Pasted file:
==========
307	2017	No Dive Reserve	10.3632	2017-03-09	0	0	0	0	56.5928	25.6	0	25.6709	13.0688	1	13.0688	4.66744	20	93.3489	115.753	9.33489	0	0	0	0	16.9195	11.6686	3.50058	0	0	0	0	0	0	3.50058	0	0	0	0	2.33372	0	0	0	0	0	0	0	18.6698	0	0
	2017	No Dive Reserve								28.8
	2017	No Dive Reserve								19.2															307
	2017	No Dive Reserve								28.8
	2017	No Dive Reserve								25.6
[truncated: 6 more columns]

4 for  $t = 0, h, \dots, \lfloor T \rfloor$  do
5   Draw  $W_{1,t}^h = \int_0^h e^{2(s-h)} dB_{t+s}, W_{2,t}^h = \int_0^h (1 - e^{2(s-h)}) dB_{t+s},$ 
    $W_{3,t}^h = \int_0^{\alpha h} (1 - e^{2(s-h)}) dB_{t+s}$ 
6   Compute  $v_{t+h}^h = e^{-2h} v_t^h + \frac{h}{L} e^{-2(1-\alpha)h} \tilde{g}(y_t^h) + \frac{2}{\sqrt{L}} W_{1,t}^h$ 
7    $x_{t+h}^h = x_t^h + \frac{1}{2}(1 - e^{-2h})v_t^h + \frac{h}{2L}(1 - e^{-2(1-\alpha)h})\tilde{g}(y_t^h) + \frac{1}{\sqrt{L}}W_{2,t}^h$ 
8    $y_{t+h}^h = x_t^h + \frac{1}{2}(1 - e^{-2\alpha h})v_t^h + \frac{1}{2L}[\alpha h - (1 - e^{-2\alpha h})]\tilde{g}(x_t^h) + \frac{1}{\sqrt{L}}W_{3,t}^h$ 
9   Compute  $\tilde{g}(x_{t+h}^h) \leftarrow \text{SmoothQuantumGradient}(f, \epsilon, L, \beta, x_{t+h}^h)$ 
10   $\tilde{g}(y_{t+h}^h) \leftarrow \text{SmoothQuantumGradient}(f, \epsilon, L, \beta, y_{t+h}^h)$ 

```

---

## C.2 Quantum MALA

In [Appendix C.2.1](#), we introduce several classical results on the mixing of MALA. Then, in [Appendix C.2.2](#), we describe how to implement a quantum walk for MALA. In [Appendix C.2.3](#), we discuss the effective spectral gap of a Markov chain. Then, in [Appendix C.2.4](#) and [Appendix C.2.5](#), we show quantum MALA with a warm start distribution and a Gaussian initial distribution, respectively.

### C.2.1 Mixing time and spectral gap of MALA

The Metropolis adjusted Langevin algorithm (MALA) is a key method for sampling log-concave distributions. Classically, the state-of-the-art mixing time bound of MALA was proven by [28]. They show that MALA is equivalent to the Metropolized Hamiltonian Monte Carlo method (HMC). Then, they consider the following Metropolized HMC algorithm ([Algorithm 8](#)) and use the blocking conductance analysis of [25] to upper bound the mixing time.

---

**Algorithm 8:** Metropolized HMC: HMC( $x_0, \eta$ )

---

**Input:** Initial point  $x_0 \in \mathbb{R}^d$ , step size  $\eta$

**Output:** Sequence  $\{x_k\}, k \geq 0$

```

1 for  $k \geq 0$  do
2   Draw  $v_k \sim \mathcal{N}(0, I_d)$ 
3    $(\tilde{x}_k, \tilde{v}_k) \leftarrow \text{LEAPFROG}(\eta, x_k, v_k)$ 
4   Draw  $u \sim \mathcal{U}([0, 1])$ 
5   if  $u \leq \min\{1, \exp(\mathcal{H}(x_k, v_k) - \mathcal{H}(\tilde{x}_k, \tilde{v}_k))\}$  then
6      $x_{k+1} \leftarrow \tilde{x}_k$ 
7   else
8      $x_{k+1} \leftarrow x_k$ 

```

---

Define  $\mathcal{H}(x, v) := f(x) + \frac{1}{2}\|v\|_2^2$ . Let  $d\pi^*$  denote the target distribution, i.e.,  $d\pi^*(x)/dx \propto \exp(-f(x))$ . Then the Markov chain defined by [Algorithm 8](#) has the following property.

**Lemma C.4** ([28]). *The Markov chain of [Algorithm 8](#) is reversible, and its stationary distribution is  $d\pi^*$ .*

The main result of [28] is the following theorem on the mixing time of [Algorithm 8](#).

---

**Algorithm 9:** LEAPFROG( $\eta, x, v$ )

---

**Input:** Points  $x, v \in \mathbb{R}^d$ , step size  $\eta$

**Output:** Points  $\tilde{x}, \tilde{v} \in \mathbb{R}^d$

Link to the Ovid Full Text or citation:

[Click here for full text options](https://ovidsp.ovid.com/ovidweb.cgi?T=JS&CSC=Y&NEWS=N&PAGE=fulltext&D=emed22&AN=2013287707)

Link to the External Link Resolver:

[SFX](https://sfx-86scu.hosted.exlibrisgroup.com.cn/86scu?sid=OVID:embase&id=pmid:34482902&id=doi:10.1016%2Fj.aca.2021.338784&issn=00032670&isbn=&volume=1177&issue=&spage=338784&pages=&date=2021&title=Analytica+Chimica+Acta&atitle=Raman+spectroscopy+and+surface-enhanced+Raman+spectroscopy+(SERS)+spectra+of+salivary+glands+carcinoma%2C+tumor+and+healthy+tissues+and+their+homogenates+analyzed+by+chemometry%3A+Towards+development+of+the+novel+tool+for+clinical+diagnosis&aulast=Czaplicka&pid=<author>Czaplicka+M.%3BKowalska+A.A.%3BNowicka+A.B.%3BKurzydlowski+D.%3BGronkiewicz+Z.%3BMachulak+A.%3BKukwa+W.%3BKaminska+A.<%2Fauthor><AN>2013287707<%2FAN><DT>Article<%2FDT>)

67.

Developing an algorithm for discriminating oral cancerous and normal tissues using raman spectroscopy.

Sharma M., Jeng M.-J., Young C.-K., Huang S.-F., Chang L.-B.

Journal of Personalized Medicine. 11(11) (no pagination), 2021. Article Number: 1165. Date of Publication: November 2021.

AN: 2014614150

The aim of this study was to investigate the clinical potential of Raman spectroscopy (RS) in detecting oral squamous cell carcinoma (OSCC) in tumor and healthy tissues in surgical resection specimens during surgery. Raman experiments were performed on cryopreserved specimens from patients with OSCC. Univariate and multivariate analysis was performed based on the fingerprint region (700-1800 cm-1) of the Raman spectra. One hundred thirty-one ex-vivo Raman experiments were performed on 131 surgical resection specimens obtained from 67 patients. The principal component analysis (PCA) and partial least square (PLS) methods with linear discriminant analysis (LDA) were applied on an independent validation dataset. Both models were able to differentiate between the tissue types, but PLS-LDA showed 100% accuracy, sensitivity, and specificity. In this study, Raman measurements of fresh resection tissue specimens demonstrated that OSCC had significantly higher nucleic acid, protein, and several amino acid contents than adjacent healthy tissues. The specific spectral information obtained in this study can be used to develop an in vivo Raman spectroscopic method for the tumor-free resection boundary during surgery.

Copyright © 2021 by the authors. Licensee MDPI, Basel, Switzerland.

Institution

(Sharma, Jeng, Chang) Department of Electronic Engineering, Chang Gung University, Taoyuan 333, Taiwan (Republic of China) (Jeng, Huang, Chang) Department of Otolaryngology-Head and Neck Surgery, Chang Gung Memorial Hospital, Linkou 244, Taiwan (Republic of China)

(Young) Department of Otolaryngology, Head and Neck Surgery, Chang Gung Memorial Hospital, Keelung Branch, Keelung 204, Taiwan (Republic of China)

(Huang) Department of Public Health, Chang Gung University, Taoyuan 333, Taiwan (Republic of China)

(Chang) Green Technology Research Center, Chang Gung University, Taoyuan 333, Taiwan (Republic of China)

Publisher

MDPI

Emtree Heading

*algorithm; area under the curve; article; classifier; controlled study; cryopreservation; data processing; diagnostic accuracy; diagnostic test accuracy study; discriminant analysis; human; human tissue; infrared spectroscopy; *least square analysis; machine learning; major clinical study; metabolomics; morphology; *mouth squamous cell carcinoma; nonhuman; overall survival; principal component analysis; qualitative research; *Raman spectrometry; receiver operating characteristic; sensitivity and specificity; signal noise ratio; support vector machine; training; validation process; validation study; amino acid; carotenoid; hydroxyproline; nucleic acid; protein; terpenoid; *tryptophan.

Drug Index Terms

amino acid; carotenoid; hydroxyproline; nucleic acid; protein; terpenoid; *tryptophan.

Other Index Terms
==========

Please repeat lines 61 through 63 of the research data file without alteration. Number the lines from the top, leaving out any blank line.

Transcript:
Publisher

MDPI

Emtree Heading